Rodney Carmichael Rodney Carmichael is NPR Music's hip-hop staff writer.
Rodney Carmichael.
Stories By

Rodney Carmichael

Morgan Noelle Smith/NPR
Rodney Carmichael.
Morgan Noelle Smith/NPR

Rodney Carmichael

Hip-Hop Staff Writer, NPR Music

Rodney Carmichael is NPR Music's hip-hop staff writer. An Atlanta-bred cultural critic, he documented the city's rise as rap's capital outpost for a decade while serving as music editor, staff culture writer and senior writer for the alt-weekly Creative Loafing. During his tenure there, he won awards for column writing, longform storytelling, editing and reporting on cultural issues ranging from gender to economic inequality. He also conceptualized and co-wrote "Straight Outta Stankonia"—an exhaustive look at Atlanta's gentrifying cultural landscape through the lens of OutKast—which was voted as one of the Atlanta Press Club's Top 10 Favorite Stories of the Past 50 Years.

A former Poynter Fellow for Young Journalists, Rodney started his professional career in Waco, Texas. He was enticed by the opportunity to cover religion in the same small town where the infamous Branch Davidian standoff occurred almost a decade earlier. What Waco may have lacked in charismatic cult leaders during his time there, it made up for with plenty of rich stories, and people, that enabled him to explore the cultural crossroads at the center of the Southern Baptist stronghold. He was nominated Rookie of the Year within the Cox newspaper chain for his coverage of religion, health and social services.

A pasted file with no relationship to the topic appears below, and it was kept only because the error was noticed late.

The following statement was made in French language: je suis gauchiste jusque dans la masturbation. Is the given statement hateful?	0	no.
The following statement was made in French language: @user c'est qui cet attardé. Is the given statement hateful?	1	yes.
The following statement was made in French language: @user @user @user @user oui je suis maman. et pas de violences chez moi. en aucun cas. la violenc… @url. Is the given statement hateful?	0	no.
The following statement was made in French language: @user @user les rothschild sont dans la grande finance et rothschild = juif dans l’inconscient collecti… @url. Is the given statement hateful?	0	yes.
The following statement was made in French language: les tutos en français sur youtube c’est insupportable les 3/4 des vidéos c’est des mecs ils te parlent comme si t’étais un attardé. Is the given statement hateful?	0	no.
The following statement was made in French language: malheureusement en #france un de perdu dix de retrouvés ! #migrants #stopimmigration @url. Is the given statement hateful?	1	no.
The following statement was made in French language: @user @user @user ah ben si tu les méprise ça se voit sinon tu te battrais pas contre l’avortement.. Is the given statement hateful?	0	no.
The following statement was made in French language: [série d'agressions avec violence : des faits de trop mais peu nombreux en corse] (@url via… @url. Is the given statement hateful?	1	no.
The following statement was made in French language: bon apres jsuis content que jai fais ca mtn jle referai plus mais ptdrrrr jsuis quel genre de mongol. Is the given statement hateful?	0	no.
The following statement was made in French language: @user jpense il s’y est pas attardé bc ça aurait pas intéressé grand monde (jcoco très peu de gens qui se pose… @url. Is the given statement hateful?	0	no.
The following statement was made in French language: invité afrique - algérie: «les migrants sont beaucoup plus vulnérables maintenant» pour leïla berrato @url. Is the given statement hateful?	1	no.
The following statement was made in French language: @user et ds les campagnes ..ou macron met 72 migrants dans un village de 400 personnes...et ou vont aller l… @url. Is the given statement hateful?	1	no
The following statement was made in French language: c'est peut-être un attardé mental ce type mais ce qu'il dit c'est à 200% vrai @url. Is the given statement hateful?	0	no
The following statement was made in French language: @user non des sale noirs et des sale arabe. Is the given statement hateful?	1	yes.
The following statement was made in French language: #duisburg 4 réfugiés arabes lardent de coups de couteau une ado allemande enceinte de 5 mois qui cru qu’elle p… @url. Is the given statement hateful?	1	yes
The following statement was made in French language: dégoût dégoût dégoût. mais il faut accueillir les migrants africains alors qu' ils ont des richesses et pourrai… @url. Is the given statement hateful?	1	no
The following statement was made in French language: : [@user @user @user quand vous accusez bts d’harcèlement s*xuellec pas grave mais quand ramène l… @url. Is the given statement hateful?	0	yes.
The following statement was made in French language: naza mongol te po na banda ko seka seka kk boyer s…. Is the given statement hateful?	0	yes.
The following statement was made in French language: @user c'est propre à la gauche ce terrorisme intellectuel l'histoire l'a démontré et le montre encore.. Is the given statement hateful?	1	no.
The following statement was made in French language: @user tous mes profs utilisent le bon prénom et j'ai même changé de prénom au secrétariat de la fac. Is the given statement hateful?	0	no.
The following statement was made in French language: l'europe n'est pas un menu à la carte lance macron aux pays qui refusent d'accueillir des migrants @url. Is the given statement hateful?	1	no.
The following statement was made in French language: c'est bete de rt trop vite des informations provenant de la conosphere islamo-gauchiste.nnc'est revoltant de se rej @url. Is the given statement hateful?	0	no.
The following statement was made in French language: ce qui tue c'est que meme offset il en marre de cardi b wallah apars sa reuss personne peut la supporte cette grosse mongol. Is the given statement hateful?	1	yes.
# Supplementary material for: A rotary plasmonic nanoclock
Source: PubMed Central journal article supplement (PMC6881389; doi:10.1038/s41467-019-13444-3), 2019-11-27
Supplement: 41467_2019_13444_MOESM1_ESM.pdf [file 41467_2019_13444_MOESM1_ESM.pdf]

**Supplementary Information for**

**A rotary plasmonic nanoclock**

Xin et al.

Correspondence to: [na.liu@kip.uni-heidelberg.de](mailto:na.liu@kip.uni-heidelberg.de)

Rodney returned to Atlanta and enrolled in his alma mater, Georgia State University—where he'd previously earned a bachelor's degree in journalism and playwriting—to pursue further studies in cultural communications, with an emphasis in hip-hop studies. He was enamored by a new wave of scholarship from the likes of Tricia Rose and Mark Anthony Neal that paired hip-hop criticism with urban sociology and cultural ethnography. It would influence his approach to writing and criticism, even after ditching academia to return to journalism. After covering red carpets (BET Awards, MTV VMAs) and interviewing big names ranging from Quincy Jones to Rick James during his three-year tenure at the fast-paced urban weekly Rolling Out, his passion for storytelling called him to the alt-weekly world. During his first five years at Creative Loafing, he entrenched himself in local music coverage as music editor. He put a young Janelle Monae, already talented beyond belief, on her first cover for the publication's annual music issue. He watched Bankhead, the disadvantaged neighborhood on Atlanta's west side, become the epicenter of a sonic snap-and-trap boom that would overtake the nation and, eventually, the globe. He oversaw coverage of the scenes from the ground-up, as they emerged and submerged around an ever-evolving soundscape of micro-genres and spinoffs.